The MUARC research used real-life accident data, rather than crash-test dummy laboratory assessments, to assess the safety of 389 second-hand vehicles. It awarded 69 models a five-star rating for driver protection and crashworthiness. Of those, 22 were identified as a ‘safer pick’ because they also reduced the risk of injury for other road users, including pedestrians, cyclists and motorcyclists.
The researchers found there were several vehicles among the ‘safer pick’ group on the market for less than $15,000 or even under $10,000.
RACV’s manager of vehicle engineering Michael Case says motorists buying a second-hand car need not compromise their safety. “The true price of their purchase might only be revealed after a collision and then it is too late,” he says.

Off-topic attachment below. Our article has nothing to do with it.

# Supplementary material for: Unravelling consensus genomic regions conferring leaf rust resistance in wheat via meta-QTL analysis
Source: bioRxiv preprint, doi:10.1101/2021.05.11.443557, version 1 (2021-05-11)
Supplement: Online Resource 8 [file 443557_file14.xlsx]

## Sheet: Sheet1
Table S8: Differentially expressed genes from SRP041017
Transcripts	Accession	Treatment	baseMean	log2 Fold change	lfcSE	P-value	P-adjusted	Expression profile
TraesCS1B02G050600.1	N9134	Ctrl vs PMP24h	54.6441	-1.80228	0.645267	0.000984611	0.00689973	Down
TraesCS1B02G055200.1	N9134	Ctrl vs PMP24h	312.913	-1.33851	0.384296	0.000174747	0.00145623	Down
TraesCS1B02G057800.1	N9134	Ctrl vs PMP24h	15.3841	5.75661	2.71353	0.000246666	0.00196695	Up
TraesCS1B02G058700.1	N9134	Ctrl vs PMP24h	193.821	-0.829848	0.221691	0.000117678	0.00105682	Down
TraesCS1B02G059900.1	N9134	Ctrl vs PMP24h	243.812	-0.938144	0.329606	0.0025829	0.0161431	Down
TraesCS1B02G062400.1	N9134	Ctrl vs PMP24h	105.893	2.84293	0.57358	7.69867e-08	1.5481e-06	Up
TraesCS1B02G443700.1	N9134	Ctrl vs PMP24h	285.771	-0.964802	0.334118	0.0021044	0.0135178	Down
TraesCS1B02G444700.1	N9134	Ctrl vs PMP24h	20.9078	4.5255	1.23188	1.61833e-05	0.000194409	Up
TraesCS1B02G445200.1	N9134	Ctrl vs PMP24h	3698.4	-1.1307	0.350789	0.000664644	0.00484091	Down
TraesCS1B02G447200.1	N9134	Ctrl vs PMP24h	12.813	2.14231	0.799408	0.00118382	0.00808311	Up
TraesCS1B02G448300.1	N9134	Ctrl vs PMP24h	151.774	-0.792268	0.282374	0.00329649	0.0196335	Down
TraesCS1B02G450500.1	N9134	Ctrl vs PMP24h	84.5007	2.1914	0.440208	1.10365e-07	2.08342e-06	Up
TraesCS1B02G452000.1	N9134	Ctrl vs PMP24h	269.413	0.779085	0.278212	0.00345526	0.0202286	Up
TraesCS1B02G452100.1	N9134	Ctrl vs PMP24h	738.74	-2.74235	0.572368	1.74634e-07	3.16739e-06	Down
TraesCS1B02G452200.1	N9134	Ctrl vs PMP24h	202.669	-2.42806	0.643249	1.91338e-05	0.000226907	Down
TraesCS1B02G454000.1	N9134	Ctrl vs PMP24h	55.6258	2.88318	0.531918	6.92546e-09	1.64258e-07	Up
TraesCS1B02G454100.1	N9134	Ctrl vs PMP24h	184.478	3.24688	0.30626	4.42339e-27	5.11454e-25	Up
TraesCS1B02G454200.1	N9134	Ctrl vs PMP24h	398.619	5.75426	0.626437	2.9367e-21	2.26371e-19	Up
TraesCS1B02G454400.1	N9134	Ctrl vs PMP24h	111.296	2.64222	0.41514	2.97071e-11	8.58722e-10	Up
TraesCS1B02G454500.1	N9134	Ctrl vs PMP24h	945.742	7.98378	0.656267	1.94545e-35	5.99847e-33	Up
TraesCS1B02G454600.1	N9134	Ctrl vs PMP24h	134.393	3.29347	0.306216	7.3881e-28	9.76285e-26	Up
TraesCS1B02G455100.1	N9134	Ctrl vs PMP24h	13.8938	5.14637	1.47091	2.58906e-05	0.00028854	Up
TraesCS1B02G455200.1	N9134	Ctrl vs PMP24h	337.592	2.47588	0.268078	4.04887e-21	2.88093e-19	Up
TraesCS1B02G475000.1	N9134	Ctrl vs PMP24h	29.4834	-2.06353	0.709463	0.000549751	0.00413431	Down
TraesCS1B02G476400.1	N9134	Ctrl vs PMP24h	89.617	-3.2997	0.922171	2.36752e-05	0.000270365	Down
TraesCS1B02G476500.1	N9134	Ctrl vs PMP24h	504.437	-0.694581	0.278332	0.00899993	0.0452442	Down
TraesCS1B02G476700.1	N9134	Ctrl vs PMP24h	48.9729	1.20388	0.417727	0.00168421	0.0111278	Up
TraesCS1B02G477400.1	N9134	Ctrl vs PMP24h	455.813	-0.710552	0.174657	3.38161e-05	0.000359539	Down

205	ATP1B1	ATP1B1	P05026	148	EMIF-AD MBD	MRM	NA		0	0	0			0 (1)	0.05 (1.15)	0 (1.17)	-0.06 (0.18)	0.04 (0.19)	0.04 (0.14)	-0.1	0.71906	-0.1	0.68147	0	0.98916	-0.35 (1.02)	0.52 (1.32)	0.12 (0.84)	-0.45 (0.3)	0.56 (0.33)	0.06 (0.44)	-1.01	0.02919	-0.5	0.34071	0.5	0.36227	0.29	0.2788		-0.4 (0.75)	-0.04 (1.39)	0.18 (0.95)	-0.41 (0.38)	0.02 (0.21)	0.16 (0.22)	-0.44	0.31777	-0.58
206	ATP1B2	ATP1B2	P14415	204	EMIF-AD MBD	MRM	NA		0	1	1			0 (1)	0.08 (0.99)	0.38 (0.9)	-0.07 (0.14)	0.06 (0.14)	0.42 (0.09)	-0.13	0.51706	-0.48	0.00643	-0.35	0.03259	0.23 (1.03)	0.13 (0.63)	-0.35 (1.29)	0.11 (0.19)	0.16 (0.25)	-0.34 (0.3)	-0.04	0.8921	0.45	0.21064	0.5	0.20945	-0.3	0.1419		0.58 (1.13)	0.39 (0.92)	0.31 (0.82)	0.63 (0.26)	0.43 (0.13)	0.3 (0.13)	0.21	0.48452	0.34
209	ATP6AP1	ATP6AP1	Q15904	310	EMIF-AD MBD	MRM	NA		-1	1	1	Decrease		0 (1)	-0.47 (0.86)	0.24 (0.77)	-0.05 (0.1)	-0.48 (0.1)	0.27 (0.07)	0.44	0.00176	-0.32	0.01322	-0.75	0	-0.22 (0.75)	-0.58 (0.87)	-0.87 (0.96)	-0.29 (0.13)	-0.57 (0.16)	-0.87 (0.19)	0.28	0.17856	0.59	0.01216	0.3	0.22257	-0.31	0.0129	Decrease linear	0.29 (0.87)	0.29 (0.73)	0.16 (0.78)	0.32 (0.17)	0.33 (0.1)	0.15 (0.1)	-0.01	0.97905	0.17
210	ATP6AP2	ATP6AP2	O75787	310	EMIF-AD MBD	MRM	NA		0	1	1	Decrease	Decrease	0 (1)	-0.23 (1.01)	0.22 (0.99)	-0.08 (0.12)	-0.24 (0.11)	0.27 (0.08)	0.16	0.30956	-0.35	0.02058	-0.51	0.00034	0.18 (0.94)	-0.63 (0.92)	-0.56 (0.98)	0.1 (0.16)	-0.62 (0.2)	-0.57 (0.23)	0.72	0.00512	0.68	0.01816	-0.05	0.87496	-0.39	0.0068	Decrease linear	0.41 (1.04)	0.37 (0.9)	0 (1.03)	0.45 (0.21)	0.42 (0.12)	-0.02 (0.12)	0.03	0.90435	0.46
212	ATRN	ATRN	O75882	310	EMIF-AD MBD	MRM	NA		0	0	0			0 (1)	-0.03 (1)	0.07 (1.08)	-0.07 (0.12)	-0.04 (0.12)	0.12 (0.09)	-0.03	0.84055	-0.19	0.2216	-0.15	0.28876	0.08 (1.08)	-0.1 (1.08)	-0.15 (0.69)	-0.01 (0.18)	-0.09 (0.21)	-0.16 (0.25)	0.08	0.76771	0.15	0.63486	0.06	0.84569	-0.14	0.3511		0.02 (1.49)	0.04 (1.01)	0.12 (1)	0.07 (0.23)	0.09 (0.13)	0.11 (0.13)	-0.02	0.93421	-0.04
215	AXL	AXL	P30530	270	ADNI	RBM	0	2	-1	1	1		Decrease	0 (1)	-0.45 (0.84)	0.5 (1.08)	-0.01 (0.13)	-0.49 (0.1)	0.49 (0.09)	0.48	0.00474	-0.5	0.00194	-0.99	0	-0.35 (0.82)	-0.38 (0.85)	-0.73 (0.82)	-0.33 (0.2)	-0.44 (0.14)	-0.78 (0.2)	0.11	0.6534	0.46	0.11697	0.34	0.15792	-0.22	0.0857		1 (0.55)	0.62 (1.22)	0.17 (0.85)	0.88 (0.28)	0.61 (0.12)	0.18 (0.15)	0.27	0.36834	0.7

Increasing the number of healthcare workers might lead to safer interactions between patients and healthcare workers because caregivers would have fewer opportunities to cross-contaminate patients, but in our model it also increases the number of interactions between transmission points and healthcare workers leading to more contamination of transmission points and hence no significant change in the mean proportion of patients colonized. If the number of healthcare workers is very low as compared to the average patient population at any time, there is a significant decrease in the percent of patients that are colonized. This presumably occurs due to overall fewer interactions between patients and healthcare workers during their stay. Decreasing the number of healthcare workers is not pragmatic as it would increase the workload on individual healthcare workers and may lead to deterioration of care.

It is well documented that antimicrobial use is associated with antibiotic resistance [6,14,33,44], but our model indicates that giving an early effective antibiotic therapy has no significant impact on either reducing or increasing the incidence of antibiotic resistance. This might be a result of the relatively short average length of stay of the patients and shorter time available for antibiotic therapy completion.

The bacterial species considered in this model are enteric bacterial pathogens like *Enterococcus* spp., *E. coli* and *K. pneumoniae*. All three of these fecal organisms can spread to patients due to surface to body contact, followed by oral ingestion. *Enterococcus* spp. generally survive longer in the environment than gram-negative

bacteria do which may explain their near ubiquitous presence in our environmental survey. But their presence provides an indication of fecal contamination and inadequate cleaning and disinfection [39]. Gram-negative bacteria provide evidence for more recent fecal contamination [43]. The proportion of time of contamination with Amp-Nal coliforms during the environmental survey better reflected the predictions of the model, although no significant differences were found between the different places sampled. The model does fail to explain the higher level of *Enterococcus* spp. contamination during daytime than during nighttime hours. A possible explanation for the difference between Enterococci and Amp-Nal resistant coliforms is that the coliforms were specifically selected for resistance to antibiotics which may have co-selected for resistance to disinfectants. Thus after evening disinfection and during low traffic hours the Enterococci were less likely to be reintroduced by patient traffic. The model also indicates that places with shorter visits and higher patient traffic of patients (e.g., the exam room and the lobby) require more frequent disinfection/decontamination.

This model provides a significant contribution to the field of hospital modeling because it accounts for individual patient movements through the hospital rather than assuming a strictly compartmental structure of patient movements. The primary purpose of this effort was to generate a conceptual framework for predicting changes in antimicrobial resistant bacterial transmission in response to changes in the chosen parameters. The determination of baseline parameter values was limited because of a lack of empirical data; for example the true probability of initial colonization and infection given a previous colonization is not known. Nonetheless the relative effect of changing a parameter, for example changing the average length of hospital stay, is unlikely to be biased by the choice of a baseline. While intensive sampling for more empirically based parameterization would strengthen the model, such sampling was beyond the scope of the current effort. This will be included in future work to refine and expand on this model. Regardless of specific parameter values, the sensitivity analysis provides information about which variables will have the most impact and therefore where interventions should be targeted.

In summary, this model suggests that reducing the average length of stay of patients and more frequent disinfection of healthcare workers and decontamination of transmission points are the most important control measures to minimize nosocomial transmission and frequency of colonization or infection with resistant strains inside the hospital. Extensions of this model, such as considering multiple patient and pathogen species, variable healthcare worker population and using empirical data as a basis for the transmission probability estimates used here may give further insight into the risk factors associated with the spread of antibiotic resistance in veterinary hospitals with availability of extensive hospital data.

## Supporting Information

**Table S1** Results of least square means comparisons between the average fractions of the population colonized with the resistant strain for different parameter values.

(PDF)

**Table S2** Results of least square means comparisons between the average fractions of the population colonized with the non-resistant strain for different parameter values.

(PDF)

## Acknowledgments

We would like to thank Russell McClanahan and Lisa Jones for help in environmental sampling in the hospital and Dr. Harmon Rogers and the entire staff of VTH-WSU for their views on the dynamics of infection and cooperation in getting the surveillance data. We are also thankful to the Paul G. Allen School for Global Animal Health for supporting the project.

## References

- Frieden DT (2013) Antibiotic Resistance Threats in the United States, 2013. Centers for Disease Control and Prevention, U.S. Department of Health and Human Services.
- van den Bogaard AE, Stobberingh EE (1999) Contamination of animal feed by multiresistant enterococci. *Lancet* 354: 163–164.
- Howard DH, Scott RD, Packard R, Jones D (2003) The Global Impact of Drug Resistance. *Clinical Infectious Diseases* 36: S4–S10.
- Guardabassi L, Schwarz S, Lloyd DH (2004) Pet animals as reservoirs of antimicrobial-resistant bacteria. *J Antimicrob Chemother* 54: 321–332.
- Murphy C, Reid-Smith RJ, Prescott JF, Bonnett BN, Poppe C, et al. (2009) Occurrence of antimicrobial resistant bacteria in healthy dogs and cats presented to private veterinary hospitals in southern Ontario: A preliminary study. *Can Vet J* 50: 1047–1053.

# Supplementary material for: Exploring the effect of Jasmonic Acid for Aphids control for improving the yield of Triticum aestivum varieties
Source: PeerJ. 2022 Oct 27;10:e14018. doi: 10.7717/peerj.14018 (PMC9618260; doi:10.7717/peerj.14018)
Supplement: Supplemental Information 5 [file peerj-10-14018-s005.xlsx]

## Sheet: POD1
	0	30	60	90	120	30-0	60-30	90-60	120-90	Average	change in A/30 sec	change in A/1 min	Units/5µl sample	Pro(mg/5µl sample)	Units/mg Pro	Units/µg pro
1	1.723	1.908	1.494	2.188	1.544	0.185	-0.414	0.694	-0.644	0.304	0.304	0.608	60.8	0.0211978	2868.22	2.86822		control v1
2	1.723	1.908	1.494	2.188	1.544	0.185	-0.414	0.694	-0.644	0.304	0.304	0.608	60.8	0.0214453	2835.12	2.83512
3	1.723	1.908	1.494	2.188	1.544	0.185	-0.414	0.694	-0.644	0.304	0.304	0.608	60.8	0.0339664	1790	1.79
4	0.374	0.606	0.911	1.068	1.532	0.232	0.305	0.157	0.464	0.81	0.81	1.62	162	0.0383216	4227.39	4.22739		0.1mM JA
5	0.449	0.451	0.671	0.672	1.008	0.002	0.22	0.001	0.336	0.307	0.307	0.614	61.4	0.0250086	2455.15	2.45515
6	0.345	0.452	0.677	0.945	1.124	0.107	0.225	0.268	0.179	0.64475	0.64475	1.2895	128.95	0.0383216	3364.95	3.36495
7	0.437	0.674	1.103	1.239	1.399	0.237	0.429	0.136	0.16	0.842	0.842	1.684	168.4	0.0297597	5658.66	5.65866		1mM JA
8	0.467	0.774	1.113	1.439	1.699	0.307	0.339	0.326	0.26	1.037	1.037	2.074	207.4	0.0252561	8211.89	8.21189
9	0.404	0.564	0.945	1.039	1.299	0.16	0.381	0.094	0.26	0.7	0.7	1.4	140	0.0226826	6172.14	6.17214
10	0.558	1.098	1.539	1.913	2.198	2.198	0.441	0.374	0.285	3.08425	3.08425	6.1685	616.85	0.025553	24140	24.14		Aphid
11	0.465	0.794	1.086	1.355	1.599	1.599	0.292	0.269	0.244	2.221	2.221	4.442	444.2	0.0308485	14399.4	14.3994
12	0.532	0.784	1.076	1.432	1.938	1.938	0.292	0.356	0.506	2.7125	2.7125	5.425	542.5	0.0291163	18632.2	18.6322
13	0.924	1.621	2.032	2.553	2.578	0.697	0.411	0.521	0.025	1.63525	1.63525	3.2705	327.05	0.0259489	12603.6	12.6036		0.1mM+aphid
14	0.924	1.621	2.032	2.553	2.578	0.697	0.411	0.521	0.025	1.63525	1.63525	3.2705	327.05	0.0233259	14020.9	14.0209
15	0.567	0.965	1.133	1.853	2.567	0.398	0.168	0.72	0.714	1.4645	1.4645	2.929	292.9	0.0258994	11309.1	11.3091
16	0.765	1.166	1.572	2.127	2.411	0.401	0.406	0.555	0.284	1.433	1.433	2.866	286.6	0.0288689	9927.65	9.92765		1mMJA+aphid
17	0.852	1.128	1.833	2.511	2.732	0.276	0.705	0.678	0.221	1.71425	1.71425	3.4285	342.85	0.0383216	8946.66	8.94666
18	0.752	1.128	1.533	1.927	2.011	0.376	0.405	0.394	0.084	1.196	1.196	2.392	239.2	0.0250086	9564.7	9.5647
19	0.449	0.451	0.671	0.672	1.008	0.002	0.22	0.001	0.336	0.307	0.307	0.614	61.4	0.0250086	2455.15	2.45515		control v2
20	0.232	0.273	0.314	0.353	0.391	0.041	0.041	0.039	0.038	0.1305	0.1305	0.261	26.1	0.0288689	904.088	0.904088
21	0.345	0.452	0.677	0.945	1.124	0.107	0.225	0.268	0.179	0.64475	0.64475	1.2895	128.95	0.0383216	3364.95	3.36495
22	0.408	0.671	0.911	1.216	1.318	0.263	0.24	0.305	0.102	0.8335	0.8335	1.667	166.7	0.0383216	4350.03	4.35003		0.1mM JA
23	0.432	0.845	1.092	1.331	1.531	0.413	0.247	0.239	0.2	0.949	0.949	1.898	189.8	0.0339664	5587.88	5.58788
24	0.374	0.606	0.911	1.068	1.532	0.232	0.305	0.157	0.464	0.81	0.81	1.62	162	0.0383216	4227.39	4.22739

Michael says parents often buy used vehicles as a first car for their children or families purchase them as a second vehicle. “That’s why it is imperative they be as safe as possible,” he says.
Motorists should strive to buy the safest car they can afford, no matter what their budget, and these safety ratings make that task much easier.
“Motorists should strive to buy the safest car they can afford, no matter what their budget, and these safety ratings make that task much easier.”
Unsurprisingly, the research found that newer vehicles were the safest choices. All those awarded five stars were manufactured after 1998, and most of the ‘safer pick’ models were made from 2006 onwards, reflecting advances in safety equipment, design and newer safety regulations. Newer models contained safety technology such as electronic stability control and multiple airbags.
The buyer’s guide groups vehicles into 10 categories - light, small, medium and large cars; compact, medium and large SUVs; commercial vans and utes; and people movers.
Vehicles were rated out of five based on an analysis of 8.3 million actual crashes in Australia and New Zealand between 1987 and 2017, involving vehicles made between 1982 and 2017.